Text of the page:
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For 10 years I only supped , then started Sup foiling and now only prone foil , took me about a month to get used to paddling around on small prone boards. Now I can surf for 2 to 3 hours prone foiling and my back has never been better. I'm on 4-4 x 35 litre (I'm 88kg) which sounds crazy small but because your knees are off the board it takes all that pressure off your back and neck. I still get stiff when I back up after multiple sessions as like most blokes my age (56) we all have some form of a back issue , but just some simple stretching keeps me going and my core strength is now better than when I was 30 .

Nozza
VIC, 2363 posts
12 May 2020 10:09AM
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I have a history of fairly chronic lower back trouble - manage it OK with exercises. I got a 12' stock prone board, found it OK on the lower back but pretty punishing on the neck - paddle along with forehead resting on the board a lot. I haven't given it enough time, but will get back in to it soon. Don't possess the balance to paddle on my knees - I think that would be hard on the lower back.
OC1 I have had no trouble with lower back, but you would need to try before you buy as seating position varies a lot between boats - mine has me very high on the boat with legs down in a footwell, I tried a mate's boat, where seat was more like a kayak, very low in the boat with legs straight out in front - couldn't paddle it anywhere due to lower back pain.

Brokedude
5 posts
12 May 2020 9:05AM
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Thank you to everyone who responded. Very helpful.

Brokedude
5 posts
12 May 2020 9:08AM
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Brokedude said..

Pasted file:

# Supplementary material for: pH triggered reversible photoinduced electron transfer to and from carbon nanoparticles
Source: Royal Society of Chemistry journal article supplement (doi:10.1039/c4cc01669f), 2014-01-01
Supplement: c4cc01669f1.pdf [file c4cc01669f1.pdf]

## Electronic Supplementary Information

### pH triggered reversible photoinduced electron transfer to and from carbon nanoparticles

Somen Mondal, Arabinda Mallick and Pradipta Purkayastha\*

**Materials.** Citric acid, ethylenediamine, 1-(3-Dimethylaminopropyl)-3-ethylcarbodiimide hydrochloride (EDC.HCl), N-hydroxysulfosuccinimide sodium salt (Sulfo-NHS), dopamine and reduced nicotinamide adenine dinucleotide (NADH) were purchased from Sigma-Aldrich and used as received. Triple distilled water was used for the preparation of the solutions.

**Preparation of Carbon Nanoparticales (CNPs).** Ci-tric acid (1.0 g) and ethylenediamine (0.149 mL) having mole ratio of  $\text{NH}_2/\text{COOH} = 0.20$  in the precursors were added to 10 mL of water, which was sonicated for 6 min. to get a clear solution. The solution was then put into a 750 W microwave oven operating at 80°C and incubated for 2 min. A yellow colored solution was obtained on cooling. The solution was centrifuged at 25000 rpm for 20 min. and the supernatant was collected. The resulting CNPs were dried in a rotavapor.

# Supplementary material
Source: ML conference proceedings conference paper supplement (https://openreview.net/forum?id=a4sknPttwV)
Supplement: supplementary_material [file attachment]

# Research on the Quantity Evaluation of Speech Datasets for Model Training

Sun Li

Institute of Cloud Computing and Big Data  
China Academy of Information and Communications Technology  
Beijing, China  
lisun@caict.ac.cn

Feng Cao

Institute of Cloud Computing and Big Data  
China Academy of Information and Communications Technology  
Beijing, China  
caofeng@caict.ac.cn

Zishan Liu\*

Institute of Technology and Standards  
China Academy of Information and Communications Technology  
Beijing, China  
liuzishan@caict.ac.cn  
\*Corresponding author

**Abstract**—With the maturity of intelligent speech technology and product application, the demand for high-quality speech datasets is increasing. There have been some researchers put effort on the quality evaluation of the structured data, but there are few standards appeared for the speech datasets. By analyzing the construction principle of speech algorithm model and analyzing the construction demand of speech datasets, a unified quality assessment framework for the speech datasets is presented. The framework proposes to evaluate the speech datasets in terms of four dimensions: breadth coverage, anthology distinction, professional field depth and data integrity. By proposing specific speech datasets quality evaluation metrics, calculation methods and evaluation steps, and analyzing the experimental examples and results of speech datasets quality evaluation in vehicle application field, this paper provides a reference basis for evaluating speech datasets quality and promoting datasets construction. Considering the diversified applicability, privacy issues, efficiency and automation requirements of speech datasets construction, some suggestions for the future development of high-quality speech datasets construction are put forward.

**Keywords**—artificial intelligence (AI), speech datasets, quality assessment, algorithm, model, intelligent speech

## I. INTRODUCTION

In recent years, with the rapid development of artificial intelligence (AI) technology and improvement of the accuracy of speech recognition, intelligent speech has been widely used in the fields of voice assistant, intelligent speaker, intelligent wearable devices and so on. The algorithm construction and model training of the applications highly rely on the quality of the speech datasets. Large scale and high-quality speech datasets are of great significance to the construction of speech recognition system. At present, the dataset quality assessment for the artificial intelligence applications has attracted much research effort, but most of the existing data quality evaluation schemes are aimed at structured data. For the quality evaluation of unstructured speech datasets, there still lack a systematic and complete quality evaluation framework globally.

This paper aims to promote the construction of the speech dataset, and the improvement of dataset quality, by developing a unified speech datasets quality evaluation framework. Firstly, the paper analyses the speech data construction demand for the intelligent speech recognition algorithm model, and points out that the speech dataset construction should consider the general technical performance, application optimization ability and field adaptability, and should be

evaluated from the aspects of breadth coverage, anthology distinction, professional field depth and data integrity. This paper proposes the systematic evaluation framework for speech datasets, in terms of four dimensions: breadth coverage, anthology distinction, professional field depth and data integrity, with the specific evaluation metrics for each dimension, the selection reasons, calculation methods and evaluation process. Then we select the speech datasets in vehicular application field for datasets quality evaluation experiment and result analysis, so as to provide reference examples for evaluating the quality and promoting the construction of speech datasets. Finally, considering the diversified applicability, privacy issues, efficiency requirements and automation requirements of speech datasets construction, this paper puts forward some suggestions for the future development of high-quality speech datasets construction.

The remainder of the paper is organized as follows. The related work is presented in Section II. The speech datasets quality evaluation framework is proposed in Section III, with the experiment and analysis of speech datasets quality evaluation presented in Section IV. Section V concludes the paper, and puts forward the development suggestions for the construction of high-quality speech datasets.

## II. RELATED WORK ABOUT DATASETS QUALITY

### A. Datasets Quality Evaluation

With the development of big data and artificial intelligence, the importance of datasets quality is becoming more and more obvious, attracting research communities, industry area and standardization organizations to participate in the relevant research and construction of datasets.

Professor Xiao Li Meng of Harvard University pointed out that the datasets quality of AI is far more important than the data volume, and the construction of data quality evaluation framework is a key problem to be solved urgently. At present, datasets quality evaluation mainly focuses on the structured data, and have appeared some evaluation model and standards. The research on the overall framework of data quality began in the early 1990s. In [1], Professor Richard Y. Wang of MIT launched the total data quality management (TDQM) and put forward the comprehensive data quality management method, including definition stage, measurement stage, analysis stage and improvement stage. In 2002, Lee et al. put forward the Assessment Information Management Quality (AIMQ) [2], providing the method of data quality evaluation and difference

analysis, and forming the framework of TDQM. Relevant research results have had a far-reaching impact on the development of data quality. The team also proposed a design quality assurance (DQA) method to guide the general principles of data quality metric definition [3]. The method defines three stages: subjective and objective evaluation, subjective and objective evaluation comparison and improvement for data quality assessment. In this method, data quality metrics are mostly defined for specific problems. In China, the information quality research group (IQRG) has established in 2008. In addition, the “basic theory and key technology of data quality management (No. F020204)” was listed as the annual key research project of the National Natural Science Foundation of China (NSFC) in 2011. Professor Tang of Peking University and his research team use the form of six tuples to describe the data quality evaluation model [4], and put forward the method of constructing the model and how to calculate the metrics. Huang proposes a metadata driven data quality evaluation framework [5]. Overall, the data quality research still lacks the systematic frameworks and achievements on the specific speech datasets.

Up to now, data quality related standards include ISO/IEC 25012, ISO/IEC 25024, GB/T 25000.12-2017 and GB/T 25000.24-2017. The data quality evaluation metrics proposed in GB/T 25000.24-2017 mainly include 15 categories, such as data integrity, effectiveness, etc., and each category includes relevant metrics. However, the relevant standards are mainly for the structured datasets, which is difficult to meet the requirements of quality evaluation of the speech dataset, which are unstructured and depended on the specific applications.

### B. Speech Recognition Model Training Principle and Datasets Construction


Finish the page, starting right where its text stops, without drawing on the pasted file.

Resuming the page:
I have to get back surgery. I need a fusion between L-3 & L-4 and possibly down to L-5 / S-1. I race a 12' 6" Boardworks Excalibur and have been fairly successful; (2) 1st, (2) 2nd place and a 6th and 8th place. I only say it because I paddle 4-6 days a week (before my injury). I have this idea that prone paddling would be a way in getting back for recovery. Not knelling (yet). I am a competitive swimmer so I assume it will translate. I just love being on the water and want to get back on it as soon as a can. I want to continue SUP and I imagine I will want to compete in prone. Is my thought that prone will be better on my back wrong?



Select to expand quote
lam said..

Brokedude said..
I have to get back surgery. I need a fusion between L-3 & L-4 and possibly down to L-5 / S-1. I race a 12' 6" Boardworks Excalibur and have been fairly successful; (2) 1st, (2) 2nd place and a 6th and 8th place. I only say it because I paddle 4-6 days a week (before my injury). I have this idea that prone paddling would be a way in getting back for recovery. Not knelling (yet). I am a competitive swimmer so I assume it will translate. I just love being on the water and want to get back on it as soon as a can. I want to continue SUP and I imagine I will want to compete in prone. Is my thought that prone will be better on my back wrong?



I had a fusion, L5 S1 a few years ago. I was a prone surfer. I started on the sup after fusion as I found prone surfing too difficult/painful. I believe supping contributed to my recovery more than any other activity. I have never gone back to prone surfing as surfing on the sup is so much fun and causes a lot less pain, and I am not just referring to the lower back eg neck pain etc.
All the best with the operation. Staying positive and motivated to get back on the water will ensure you have a great recovery and a positive outcome.



Thank you. I look forward to my comeback.

Paddlelight
8 posts
20 May 2020 7:41AM
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Brokedude said..
I have to get back surgery. I need a fusion between L-3 & L-4 and possibly down to L-5 / S-1. I race a 12' 6" Boardworks Excalibur and have been fairly successful; (2) 1st, (2) 2nd place and a 6th and 8th place. I only say it because I paddle 4-6 days a week (before my injury). I have this idea that prone paddling would be a way in getting back for recovery. Not knelling (yet). I am a competitive swimmer so I assume it will translate. I just love being on the water and want to get back on it as soon as a can. I want to continue SUP and I imagine I will want to compete in prone. Is my thought that prone will be better on my back wrong?


Wow, that's heavy. What does your doctor say? Do they think it will be ok? Back surgery is serious stuff.



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"Prone paddle boards" started by Brokedude